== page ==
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Thompson is also here to network. He is launching a record label, he explains, so artists from South Florida won't have to turn to cities like New York and L.A. to try to get a deal. "The problem is there's too much competition between us all now. We need less madness. We need to be working in one another's corner. We have to stop hating one another and start helping," he explains.
It is unclear whether he's still talking about record deals or if his thoughts might have drifted back to the death of his friend.
Sanz is definitely talking about the bouncer when he says, "There is no logic to it. He was breaking up the fight, and he wasn't even on the job." He pauses. "If he hadn't been there, at least two or three of us would have ended up in his same position."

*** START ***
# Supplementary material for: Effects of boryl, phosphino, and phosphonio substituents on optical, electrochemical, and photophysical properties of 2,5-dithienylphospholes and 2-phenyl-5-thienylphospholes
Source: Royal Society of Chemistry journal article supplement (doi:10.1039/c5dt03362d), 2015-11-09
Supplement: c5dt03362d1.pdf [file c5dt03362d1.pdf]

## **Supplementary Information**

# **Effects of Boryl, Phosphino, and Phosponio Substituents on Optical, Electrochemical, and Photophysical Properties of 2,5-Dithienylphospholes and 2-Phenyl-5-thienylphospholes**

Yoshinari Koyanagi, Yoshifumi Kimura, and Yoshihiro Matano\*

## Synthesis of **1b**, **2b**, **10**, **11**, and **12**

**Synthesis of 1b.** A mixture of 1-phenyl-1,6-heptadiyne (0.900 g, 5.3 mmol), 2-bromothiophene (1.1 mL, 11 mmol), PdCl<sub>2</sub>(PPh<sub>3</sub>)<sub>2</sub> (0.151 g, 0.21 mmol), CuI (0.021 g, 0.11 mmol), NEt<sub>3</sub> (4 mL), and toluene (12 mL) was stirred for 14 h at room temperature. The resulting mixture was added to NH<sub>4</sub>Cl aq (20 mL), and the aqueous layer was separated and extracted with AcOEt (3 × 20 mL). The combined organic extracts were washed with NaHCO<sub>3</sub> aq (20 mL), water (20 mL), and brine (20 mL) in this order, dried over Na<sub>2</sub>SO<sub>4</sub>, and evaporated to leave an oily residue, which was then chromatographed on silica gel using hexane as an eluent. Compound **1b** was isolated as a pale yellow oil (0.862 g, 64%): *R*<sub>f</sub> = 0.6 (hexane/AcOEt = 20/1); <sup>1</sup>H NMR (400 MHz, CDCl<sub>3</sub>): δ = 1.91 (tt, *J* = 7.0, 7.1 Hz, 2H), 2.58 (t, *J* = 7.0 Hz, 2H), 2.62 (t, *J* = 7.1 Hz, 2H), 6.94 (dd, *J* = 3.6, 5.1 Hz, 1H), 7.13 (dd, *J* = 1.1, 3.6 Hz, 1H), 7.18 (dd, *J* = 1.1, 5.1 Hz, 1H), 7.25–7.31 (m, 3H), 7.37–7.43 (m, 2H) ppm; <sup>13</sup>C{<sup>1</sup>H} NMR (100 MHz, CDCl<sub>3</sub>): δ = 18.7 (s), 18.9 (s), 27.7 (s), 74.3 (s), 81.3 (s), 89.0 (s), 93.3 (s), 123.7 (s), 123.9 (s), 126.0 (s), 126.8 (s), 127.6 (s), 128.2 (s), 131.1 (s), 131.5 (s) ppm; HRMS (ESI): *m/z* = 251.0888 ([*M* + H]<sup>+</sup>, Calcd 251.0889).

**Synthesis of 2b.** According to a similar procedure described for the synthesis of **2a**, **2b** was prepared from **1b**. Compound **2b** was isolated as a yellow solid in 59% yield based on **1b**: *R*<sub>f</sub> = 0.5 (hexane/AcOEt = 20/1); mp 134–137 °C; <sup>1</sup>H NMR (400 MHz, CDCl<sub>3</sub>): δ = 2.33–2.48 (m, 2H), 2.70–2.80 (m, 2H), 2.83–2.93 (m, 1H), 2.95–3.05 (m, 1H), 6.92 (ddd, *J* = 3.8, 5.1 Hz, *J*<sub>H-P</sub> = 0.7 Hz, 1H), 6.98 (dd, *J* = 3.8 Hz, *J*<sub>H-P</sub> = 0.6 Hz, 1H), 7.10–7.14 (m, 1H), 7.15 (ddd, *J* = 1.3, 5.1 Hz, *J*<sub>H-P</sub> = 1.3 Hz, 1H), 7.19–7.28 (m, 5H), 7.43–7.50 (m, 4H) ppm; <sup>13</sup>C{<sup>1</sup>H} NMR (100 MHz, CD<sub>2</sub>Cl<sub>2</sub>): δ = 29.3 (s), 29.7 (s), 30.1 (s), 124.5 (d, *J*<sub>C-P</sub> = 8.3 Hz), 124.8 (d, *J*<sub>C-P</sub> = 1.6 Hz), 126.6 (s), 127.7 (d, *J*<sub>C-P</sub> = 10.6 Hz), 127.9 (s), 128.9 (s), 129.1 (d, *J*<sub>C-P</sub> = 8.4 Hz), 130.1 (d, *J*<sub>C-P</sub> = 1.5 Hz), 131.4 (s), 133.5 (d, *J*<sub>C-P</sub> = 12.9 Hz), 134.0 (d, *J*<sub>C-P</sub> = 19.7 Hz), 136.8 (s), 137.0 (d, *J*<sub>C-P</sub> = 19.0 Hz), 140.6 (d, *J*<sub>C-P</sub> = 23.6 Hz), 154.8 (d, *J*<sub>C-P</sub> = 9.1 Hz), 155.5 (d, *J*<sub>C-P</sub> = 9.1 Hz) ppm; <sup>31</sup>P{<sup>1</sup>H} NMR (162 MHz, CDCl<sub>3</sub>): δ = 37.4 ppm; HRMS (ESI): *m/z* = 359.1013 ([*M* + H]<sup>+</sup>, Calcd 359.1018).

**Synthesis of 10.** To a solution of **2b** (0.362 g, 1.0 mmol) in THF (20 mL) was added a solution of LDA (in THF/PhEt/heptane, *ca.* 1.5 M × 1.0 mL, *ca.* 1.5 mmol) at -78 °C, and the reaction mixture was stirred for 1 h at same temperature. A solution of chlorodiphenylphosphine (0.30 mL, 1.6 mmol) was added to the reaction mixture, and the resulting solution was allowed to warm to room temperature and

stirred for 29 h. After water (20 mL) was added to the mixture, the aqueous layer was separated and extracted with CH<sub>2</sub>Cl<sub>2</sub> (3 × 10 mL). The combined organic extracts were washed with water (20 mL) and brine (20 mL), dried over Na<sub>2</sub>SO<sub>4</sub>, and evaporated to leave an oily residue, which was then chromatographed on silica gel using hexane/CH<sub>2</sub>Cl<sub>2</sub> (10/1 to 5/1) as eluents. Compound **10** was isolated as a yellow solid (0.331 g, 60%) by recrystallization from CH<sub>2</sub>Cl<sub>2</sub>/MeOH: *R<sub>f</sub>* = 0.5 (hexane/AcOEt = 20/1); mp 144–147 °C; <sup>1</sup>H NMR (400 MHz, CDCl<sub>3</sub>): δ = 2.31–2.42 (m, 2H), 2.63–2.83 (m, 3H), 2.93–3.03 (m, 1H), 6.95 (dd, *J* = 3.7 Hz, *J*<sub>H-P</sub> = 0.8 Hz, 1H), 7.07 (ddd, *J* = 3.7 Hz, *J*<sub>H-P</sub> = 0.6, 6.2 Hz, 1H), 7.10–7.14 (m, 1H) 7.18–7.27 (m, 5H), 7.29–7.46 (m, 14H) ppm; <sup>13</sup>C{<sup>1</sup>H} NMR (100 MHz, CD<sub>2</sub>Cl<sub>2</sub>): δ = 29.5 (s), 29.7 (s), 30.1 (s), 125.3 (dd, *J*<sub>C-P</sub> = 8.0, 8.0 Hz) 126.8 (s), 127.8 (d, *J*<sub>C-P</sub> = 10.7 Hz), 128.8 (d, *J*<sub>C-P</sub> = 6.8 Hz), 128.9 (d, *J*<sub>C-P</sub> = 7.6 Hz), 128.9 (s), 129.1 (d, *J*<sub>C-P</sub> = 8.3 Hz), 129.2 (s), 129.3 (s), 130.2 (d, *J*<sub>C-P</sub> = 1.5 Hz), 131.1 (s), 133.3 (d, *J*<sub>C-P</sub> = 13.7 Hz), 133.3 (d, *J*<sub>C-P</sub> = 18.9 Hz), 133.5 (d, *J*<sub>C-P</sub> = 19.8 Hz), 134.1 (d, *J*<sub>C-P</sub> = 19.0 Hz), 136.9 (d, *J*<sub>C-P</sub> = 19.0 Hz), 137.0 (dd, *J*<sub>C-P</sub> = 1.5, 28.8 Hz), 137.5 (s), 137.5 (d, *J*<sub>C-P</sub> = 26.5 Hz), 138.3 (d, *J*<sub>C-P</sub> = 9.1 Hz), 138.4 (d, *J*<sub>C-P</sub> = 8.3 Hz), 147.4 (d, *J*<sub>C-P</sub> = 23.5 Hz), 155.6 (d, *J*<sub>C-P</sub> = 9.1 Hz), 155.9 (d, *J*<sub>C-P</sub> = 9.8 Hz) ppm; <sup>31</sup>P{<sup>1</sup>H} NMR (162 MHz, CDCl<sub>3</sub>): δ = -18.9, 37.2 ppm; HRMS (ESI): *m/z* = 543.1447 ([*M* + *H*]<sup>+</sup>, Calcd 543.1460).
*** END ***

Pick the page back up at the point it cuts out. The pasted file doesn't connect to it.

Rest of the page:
When I leave a half-hour later, this time out the front doors, the usual milieu of staggering, glassy-eyed party people lingers on the other side. I pause to scan the sidewalk. There's no chalk line on the pavement; no jarring heap of flowers, keepsakes, or construction-paper collages barely a trace of the bloodshed that took place here.
The South Florida show must, and will, go on.